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Function and occurrence of facial flushing in birds

AuthorsNegro, Juan J. CSIC ORCID; Sarasola, José Hernán CSIC ORCID; Fariñas, Fernando; Zorrilla, Irene
Flushing colours
Visual signals
Skin colour
Sexual selection
Birds of prey
Crested caracara
Hooded vulture
Issue Date5-Dec-2005
CitationComparative Biochemistry and Physiology, Part A 143 (2006) 78–84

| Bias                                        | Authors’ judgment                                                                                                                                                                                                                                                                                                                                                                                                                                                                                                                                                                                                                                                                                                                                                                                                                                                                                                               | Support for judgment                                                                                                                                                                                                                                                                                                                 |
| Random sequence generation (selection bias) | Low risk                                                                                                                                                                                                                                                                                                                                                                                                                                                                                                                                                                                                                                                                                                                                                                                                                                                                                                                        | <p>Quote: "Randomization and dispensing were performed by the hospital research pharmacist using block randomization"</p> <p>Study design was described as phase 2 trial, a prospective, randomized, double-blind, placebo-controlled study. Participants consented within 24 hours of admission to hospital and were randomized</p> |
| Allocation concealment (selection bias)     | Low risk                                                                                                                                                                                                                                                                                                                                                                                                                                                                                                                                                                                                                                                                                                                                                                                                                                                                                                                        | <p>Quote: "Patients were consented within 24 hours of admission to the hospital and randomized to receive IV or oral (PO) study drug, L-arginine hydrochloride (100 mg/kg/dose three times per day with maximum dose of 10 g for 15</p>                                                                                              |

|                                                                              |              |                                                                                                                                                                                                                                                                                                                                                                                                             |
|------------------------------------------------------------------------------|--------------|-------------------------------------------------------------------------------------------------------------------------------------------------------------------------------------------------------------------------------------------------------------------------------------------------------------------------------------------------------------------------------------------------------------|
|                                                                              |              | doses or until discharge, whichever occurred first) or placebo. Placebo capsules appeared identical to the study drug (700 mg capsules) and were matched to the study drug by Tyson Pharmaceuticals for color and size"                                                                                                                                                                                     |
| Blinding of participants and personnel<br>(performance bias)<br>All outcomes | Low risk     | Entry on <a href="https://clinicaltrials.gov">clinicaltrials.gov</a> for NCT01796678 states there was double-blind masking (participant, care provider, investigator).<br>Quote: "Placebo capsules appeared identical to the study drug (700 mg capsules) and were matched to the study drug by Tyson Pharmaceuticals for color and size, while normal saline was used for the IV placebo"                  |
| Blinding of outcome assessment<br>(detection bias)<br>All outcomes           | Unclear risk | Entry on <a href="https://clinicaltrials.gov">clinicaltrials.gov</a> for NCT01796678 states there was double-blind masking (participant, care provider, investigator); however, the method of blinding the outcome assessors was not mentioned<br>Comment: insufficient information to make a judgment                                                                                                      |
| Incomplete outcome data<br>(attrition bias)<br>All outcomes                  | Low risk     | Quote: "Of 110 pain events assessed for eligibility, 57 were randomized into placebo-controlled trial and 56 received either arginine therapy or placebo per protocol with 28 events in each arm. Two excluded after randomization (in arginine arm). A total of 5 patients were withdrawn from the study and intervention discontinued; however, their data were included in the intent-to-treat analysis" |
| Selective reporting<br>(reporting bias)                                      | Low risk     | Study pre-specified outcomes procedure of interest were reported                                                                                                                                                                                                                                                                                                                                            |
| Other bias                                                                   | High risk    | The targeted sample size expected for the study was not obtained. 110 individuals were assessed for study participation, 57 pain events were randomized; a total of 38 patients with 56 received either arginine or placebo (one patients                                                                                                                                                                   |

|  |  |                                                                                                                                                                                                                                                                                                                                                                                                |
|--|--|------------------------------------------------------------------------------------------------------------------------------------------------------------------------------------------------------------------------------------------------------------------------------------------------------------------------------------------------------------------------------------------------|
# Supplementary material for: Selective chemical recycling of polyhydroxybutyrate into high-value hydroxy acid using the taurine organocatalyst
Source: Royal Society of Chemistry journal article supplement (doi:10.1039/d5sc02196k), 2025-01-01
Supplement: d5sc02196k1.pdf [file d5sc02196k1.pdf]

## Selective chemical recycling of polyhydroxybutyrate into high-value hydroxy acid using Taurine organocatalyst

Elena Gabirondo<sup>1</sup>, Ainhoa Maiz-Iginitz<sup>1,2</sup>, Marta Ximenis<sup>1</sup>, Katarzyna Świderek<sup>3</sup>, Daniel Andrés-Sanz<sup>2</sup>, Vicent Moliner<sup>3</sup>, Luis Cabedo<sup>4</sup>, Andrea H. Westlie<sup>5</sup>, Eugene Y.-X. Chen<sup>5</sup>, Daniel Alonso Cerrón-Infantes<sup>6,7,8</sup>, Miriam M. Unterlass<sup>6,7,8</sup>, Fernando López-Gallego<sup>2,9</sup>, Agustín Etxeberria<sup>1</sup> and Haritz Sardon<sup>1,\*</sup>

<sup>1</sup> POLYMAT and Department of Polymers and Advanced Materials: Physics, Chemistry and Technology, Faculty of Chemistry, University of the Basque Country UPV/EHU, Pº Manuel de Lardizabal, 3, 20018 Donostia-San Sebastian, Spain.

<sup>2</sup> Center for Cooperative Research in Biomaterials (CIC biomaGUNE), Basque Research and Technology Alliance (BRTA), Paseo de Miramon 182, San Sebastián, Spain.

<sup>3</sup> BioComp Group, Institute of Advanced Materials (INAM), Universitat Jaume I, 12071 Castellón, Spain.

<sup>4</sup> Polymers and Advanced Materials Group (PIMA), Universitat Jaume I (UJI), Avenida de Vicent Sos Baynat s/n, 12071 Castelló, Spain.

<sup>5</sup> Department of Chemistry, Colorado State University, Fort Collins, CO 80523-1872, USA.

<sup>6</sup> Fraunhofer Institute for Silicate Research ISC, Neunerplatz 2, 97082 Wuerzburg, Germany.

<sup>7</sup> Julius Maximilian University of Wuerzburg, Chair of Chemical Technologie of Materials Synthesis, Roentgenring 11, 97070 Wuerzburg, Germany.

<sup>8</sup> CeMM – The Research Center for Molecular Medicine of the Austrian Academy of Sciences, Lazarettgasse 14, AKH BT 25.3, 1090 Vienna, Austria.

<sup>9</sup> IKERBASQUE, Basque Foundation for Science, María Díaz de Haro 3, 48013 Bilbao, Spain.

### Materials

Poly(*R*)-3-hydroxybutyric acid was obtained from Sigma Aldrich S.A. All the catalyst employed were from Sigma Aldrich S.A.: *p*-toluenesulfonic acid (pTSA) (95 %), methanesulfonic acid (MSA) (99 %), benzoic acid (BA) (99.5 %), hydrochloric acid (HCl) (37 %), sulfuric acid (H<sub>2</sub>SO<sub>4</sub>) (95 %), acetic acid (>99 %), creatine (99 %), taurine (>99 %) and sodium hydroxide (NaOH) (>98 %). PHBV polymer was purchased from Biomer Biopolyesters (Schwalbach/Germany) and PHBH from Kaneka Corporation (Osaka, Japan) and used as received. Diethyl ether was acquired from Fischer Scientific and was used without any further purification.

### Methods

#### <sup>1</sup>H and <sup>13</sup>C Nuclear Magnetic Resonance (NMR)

AbstractSo far overlooked as a pigment involved in visual communication, the haemoglobin contained in the blood of all birds is responsible for the red flushing colours in bare skin areas of some species. Our aim has been twofold: (1) to study sub-epidermical adaptations for blood circulation in two flushing species: the crested caracara (Polyborus plancus) and the hooded vulture (Necrosyrtes monachus), and (2) to provide the first compilation of avian species with flushing skin. The bare facial skin of both the caracara and the hooded vulture contains a highly vascularised tissue under the epidermis that may be filled with blood and would thus produce red skin colours. In contrast, feathered areas of the head show very few vessels immersed in connective tissue and have no potential for colour changes. Species with flushing colours are few but phylogenetically diverse, as they belong to 12 different avian orders and at least 20 families. The majority are dark-coloured, large-sized species living in hot environments that may have originally evolved highly vascularised skin patches for thermoregulation. Bird behaviour as well as sex and age differences within species suggest that a signalling system for condition or status based on haemoglobin may have been super-imposed to the physiological process of heat dissipation. “Blushing is the most peculiar and the most human of all expressions. Monkeys redden from passion, but it would require an overwhelming amount of evidence to make us believe that any animal could blush” Charles Darwin. 1872. The expression of the emotions in man and animals, Chapter XIII. London, John Murray.
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